Never communicate with children via Twitter, Facebook or other social media.

Do not engage in behaviour which could be construed as ‘grooming’ a child (for example giving a child money, presents or favours or talking or behaving in an inappropriate or unprofessional manner towards children).

Be aware that it is a criminal offence to have a sexual relationship with a pupil under the age of 18 regardless of consent.

Do take a disclosure of abuse from a child seriously. It is important not to deter children from making a ‘disclosure’ of abuse through fear of not being believed, and to listen to what they have to say. Guidance on responding to an allegation of abuse is set out below.

Always report any concerns immediately to the DEROSA Designated Safeguarding Manager, regarding the conduct of another DEROSA member of staff in relation to children or vulnerable adults.
Remember that those who abuse children can be of any age (even other children), gender, ethnic background or class, and it is important not to allow personal preconceptions about people to prevent appropriate action taking place.

Good practice includes valuing and respecting children as individuals, and the adult modelling of appropriate conduct.

Guidance on responding to a child making an allegation of abuse:

  • Stay calm.
  • Listen carefully to what is said and show that you are taking it seriously
  • Find an appropriate early opportunity to explain that it is likely that the information will need to be shared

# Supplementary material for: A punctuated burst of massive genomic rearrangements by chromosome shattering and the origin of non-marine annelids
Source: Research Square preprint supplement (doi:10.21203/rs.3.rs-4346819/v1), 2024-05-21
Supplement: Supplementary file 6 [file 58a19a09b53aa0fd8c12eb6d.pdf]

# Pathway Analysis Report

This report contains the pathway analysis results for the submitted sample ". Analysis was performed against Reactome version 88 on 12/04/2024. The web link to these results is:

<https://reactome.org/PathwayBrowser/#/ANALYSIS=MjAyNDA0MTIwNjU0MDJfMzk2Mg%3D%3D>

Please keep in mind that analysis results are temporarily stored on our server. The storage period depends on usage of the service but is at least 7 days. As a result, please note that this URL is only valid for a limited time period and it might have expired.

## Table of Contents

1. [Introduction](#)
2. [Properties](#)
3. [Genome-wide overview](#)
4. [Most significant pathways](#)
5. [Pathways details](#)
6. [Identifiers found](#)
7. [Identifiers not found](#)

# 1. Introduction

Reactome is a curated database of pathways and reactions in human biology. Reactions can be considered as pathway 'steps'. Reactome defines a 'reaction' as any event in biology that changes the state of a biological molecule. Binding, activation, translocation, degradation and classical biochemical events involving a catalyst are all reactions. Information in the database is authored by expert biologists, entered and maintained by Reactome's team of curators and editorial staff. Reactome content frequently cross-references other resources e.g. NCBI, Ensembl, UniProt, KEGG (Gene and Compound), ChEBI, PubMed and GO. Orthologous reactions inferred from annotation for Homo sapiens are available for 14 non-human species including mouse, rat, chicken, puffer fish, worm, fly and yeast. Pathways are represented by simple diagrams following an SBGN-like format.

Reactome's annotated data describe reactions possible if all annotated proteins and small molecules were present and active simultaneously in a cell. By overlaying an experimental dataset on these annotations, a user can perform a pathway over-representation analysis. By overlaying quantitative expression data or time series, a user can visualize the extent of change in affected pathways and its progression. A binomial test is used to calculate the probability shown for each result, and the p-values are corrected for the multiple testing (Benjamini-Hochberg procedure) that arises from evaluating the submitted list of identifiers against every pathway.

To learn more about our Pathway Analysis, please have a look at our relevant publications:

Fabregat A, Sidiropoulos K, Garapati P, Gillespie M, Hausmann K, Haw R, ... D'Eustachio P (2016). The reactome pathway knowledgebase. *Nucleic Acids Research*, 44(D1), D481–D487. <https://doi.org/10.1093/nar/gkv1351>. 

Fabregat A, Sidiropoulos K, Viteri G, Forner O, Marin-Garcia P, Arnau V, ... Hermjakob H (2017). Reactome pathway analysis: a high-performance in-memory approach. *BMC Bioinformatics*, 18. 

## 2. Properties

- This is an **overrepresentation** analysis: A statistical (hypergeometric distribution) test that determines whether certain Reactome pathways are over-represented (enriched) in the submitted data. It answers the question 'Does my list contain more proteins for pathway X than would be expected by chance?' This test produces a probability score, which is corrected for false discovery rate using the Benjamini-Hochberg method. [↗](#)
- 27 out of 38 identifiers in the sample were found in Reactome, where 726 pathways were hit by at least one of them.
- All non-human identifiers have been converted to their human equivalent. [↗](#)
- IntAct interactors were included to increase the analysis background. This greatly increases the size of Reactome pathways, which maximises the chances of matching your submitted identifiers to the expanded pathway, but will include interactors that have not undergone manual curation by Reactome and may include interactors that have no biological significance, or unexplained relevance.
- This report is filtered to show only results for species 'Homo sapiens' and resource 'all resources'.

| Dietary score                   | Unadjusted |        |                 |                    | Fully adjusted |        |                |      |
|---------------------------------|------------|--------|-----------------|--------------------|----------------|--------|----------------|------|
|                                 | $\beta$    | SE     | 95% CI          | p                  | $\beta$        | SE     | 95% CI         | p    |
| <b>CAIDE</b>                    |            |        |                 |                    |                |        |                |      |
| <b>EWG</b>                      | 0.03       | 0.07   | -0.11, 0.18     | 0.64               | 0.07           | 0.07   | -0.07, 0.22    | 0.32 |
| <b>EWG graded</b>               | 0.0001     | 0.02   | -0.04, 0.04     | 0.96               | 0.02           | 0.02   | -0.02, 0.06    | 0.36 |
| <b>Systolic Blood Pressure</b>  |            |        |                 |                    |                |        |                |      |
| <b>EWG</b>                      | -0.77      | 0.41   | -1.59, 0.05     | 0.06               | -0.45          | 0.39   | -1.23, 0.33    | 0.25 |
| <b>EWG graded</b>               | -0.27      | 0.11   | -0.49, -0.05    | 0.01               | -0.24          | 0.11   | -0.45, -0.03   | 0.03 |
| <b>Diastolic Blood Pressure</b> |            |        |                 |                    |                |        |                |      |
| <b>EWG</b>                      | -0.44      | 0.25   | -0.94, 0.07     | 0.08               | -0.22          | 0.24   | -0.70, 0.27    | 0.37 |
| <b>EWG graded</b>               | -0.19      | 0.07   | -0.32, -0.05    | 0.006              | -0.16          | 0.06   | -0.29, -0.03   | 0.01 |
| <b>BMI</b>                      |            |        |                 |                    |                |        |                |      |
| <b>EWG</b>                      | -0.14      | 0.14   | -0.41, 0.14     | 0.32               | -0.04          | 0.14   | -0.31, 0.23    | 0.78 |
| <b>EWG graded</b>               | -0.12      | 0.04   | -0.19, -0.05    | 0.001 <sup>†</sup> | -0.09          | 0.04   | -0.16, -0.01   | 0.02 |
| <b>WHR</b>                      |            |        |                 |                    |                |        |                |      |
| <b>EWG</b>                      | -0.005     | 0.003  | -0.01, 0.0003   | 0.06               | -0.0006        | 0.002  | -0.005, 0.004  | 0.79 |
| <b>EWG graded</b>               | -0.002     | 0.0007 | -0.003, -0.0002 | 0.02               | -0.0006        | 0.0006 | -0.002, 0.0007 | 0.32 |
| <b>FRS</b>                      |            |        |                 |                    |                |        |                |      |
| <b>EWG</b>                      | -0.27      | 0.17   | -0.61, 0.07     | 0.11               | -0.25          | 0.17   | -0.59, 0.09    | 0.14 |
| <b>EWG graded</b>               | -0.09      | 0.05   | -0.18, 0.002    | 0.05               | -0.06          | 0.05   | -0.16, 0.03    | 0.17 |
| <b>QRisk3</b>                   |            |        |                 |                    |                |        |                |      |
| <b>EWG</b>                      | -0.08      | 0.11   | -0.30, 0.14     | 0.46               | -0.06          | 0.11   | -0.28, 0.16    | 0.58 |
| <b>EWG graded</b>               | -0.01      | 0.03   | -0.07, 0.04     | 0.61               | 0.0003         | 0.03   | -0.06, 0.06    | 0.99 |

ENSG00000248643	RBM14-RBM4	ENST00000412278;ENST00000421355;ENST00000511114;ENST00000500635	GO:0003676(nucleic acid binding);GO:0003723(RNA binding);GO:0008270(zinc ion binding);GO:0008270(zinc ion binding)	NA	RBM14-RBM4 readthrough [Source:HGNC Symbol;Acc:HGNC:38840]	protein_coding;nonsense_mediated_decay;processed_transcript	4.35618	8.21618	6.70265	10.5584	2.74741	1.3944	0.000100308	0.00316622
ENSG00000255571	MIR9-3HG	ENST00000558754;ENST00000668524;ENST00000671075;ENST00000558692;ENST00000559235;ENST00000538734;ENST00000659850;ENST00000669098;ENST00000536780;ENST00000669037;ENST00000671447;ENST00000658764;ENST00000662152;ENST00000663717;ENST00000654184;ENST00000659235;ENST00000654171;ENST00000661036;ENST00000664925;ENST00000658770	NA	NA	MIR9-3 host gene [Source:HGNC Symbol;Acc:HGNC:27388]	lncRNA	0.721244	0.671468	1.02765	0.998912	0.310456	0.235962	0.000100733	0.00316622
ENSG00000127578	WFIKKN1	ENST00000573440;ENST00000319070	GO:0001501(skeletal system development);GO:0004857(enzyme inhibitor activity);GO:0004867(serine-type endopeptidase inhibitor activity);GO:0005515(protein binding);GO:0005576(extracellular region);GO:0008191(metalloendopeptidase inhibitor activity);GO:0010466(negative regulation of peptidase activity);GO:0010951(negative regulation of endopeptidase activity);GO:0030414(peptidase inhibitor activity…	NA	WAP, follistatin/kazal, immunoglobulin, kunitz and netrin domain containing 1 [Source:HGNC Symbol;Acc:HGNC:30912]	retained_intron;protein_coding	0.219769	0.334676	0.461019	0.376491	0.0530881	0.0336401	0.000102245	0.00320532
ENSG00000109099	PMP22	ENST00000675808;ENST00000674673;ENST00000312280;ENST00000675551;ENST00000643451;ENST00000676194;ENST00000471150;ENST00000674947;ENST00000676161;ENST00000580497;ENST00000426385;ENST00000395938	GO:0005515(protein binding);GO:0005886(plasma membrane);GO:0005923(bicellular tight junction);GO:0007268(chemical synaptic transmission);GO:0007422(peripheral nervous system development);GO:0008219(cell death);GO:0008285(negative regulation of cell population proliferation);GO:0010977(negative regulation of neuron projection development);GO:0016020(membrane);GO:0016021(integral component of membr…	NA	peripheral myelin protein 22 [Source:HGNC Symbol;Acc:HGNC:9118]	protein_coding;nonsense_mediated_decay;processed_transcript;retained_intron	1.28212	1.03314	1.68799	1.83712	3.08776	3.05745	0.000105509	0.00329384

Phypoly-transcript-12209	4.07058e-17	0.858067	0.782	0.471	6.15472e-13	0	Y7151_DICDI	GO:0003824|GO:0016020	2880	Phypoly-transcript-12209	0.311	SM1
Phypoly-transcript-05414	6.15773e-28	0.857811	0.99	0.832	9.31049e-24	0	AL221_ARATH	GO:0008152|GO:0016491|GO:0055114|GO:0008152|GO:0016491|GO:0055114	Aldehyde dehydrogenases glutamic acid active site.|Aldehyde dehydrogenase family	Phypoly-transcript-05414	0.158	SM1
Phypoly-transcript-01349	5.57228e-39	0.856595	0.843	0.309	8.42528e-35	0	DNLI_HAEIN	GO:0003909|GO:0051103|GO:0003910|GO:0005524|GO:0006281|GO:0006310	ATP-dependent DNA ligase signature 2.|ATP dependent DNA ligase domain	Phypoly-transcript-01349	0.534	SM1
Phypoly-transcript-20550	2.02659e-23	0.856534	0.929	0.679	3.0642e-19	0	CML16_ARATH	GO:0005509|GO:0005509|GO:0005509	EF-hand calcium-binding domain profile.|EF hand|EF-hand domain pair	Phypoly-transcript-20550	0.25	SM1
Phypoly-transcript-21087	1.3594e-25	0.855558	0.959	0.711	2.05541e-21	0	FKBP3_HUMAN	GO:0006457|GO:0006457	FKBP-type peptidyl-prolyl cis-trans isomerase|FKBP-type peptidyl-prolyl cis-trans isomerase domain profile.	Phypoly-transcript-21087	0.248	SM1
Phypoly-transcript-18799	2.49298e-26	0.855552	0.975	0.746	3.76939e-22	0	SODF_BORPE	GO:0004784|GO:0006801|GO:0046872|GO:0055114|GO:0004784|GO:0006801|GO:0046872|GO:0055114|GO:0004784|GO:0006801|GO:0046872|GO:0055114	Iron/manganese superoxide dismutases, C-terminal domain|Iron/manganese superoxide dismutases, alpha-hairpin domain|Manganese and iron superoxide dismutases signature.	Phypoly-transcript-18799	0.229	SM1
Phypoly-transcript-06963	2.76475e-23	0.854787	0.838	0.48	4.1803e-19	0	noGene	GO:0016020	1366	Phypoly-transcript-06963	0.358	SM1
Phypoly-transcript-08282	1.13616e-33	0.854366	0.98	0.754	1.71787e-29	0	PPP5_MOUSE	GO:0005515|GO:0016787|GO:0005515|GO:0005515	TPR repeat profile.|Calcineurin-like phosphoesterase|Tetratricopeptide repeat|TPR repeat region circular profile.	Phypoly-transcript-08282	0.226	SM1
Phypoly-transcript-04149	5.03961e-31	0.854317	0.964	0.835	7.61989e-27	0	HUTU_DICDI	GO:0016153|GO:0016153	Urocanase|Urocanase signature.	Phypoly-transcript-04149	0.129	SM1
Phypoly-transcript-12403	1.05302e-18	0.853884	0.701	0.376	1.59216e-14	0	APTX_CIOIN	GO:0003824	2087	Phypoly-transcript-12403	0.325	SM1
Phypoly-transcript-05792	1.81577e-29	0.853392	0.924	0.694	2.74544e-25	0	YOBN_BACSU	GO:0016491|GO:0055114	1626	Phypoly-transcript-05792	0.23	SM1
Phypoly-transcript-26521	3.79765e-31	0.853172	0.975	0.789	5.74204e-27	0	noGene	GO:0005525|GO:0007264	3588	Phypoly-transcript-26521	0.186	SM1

• Do not promise to keep secrets
  • Tell the child that the matter will only be disclosed to those who need to know about it.
  • Allow the child to continue at her/his own pace
  • Ask questions for clarification only, and at all times avoid asking questions that suggest a particular answer
  • Reassure the child that they have done the right thing in telling you
  • Tell them what you will do next, and with whom the information will be shared
  • Make no judgement about what you have heard

Remember that whilst you may have been the first person encountering an allegation of abuse it is not your responsibility to decide whether abuse has occurred. That is a task for the professional child protection agencies, following a referral from the Designated Safeguarding Manager at Derosa.

How to report your concerns:

    DEROSA tutors and staff may have suspicions or concerns regarding a child or vulnerable adult raised in many ways including:

  • The conduct of another tutor, member of staff or adult
  • A child ‘disclosing’ abuse
  • Bruising or evidence of physical hurt
  • Unusual behaviour by a child

The most common examples of the types of concerns that must be reported immediately are:

  • Someone has behaved in a way that has harmed a child, or may have harmed a child
  • Someone has possibly committed a criminal offence against or related to a child
  • Someone has behaved towards a child in a way that indicates s/he is unsuitable to work with children

If a DEROSA tutor has such concerns they should report them immediately to the Designated Safeguarding Manager at the admin desk. They will receive written and dated communication that their concerns have been reported to the relevant agency.